Sometimes the greater good requires the smaller evil.
17-year-old Arman Dukoff can't remember life without anxiety and chronic illness when he arrives at an expensive self-help retreat in the remote hills of Big Sur. He’s taken a huge risk—and two-thousand dollars from his meth-head stepfather—for a chance to "evolve," as Beau, the retreat leader, says.
Beau is complicated. A father figure? A cult leader? A con man? Arman's not sure, but more than anyone he's ever met, Beau makes Arman feel something other than what he usually feels—worthless.
The retreat compound is secluded in coastal California mountains among towering redwoods, and when the iron gates close behind him, Arman believes for a moment that he can get better. But the program is a blur of jargon, bizarre rituals, and incomprehensible encounters with a beautiful girl. Arman is certain he's failing everything. But Beau disagrees; he thinks Arman has a bright future—though he never says at what.
And then, in an instant Arman can't believe or totally recall, Beau is gone. Suicide? Or murder? Arman was the only witness and now the compound is getting tense. And maybe dangerous.
As the mysteries and paradoxes multiply and the hints become accusations, Arman must rely on the person he's always trusted the least: himself.
With his drug-addicted father in and out of jail and his neglectful mother wishing him out of the house, 17-year-old Arman seeks solace and guidance in Beau, a charismatic adult who promises a way to free Arman from his feelings of inadequacy. Arman joins Kira, a fellow classmate, and Dale, her boyfriend, on a retreat with Beau. Instead of the campsite expected, the three find themselves on the Evolve compound, a center of more than 100 devotees committed to uncovering their truest selves through exercises that challenge their abilities and memories. When the compound's leader disappears and factions within the camp turn ugly, Arman, Kira, and Dale must decide whether they are being manipulated and how to escape. Balancing Arman's experience with Beau's inner thoughts, Kuehn (Delicate Monsters) elevates the religious cult novel with this sophisticated psychological mystery centered on the concept of the double effect that the "greater good outweighs the smaller evil." Though certain characters are more archetypal than three-dimensional, the book's philosophical undertones and uncertain ending are transfixing. Ages 14 up.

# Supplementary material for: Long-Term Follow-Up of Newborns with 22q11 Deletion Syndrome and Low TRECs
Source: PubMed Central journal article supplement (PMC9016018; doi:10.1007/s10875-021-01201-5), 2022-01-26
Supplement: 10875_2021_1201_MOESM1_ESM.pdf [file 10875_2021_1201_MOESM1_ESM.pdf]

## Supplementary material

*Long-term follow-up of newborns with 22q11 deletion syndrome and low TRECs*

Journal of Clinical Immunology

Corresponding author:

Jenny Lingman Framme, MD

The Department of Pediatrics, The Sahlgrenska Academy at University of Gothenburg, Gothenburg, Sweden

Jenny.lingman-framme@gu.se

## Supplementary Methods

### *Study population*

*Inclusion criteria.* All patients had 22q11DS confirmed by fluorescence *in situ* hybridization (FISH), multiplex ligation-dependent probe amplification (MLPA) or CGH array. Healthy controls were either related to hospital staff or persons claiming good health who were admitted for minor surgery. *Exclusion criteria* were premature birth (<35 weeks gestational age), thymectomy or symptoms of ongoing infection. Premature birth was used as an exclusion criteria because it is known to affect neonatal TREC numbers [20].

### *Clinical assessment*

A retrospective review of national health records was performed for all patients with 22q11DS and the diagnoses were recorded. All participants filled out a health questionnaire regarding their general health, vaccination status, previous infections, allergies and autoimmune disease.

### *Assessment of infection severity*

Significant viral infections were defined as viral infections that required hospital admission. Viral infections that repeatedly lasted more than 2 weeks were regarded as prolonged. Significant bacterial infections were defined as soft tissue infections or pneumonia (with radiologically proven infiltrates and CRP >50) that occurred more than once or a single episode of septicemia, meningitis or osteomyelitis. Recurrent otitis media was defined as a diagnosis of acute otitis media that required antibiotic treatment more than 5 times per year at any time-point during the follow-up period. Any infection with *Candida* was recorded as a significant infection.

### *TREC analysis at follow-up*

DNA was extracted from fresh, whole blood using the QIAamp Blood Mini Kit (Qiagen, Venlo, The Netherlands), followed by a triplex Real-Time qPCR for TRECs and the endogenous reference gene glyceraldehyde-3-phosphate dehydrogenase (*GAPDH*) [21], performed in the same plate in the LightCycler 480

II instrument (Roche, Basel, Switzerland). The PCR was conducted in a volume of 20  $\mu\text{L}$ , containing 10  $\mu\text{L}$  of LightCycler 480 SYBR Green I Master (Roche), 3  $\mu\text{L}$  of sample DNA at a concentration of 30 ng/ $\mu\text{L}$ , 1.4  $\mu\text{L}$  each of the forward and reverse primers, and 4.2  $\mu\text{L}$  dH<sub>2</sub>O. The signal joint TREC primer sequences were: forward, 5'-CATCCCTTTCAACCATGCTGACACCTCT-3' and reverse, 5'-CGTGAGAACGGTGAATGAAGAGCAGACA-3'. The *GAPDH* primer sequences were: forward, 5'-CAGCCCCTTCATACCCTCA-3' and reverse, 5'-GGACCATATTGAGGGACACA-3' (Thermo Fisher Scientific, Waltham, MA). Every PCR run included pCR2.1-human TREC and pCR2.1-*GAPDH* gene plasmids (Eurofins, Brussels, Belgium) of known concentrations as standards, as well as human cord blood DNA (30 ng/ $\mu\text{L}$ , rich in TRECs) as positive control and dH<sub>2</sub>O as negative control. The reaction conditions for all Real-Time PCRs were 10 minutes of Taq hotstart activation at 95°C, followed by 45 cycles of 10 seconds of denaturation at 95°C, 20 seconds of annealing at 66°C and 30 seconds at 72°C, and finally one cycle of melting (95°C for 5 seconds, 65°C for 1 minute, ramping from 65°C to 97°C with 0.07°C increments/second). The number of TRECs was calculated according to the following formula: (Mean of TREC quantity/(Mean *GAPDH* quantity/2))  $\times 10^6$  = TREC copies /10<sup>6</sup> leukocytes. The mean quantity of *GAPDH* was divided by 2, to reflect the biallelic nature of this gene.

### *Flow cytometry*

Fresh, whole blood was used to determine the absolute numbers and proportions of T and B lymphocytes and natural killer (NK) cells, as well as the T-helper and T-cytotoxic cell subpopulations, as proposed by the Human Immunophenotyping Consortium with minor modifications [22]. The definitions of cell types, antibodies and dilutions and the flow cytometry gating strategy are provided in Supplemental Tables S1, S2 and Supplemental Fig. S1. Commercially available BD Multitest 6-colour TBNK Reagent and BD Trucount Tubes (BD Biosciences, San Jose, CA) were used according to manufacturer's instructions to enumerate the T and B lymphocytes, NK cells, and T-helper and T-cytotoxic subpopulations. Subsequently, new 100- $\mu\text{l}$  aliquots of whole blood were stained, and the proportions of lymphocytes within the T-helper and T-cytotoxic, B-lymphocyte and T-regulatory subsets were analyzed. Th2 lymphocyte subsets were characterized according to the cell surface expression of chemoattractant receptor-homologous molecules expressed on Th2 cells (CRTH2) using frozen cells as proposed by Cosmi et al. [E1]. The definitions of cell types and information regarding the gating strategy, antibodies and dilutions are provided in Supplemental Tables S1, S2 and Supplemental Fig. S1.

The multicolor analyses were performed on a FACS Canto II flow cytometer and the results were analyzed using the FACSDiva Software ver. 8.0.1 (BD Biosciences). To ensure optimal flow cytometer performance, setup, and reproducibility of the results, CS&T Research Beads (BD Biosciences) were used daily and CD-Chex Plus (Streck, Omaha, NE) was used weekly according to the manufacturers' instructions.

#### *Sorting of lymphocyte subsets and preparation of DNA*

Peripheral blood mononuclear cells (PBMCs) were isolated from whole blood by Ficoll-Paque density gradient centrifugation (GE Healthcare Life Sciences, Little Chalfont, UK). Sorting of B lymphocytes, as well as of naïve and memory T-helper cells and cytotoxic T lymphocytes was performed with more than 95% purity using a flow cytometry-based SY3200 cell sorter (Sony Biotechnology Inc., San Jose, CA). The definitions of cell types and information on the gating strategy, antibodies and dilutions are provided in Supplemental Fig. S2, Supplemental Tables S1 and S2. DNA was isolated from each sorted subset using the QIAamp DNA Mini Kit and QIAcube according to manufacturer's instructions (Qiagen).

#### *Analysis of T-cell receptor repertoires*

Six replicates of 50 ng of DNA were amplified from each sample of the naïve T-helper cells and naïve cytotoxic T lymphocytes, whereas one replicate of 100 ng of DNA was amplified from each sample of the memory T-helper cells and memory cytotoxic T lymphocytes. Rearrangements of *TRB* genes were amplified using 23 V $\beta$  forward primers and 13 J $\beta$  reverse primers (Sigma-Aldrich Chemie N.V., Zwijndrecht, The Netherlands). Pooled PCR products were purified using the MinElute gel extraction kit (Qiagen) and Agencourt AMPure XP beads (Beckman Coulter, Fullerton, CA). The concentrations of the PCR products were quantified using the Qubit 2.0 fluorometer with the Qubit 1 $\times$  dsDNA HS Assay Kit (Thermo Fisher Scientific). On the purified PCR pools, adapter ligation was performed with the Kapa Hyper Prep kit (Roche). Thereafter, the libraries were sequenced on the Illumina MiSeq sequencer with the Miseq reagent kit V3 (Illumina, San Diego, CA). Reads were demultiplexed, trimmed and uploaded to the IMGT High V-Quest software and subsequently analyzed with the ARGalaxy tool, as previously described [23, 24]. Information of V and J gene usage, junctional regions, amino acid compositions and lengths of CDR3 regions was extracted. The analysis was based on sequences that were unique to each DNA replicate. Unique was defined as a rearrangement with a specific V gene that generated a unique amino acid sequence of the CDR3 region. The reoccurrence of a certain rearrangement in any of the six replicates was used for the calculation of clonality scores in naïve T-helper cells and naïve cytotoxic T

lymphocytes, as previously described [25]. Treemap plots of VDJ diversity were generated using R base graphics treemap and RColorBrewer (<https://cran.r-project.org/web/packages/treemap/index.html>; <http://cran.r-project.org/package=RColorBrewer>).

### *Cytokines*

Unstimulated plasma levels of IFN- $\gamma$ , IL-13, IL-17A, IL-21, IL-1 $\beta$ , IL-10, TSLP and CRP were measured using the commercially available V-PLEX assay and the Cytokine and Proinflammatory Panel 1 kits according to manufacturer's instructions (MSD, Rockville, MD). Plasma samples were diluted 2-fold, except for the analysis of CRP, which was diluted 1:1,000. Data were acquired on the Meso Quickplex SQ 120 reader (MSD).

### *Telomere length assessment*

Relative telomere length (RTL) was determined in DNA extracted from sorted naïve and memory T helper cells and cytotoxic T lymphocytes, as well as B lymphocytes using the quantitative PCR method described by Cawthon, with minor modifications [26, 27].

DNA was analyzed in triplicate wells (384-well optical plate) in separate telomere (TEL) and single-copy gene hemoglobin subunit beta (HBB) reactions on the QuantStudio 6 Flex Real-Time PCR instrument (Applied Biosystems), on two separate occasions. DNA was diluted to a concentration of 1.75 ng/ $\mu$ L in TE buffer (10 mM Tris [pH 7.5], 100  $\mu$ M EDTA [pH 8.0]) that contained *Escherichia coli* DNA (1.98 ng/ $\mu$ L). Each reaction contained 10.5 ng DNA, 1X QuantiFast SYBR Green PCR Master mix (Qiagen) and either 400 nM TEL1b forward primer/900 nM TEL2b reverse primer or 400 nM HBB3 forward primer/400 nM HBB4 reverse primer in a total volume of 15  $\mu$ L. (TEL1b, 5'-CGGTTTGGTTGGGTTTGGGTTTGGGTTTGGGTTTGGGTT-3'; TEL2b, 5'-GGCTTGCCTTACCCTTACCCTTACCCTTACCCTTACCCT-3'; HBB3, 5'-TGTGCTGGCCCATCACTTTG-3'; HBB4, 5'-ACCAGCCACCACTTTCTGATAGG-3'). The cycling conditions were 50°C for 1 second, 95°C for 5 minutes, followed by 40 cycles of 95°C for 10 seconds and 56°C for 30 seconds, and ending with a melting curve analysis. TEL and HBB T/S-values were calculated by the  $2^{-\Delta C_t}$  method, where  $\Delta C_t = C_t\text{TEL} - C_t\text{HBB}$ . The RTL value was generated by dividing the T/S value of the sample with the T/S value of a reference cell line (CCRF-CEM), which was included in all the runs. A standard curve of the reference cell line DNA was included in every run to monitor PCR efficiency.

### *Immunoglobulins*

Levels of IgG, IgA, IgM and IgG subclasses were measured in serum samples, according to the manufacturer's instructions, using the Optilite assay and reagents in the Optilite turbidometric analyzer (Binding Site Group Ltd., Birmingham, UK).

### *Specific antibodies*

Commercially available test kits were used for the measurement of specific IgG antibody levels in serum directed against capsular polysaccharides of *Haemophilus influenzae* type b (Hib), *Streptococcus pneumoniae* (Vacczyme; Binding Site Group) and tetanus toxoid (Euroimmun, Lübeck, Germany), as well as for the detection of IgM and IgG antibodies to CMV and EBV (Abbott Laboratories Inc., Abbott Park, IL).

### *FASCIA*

Customer ReviewsSee All
I just don’t GET it
I received an ARC of this book from Penguin First Reads in exchange for an honest review.
This was…. a strange book. I want to like it, but ultimately, I just don’t get it. What was the point?
Arman is kind of an outcast. He doesn’t fit in, he’s on all kinds of medications for ADD and anxiety whatnot. He meets this guy, Beau, who invites him to a “retreat”. A couple of sort-of friends come along as well, but otherwise it’s mostly old people.
Then Beau is murdered. Or kills himself. Or maybe he didn’t and Arman is just crazy. Now we spend half the book not sure what is real and what is not, and this is actually very cool. But… the end comes along and we’re left with more questions than answers.
I think people who like really philosophical mind bending books might be into this, but it was just too weird for me. Maybe reading it a second time knowing the ending would give more clues as to what the hell is actually happening in the earlier parts of the book, but I’m not going to waste my time doing that. I honestly only grabbed this book because I was pretty sure the “retreat” was really a cult (and it basically is) and that sort of fascinates me. In the end though, I wish I hadn’t bothered. I wasn’t left satisfied and I still don’t feel like I really know any of the characters.
I just don’t understand what the point of the story was. Not that every story needs to end with an earth shattering, mind opening purpose—I enjoy fluffy books as much as the next reader—but, at least knowing what the hell actually happened is sort of a must for me.
So would I recommend this book? No. Not really. There were some good parts, but overall I was left underwhelmed and without a sense of closure.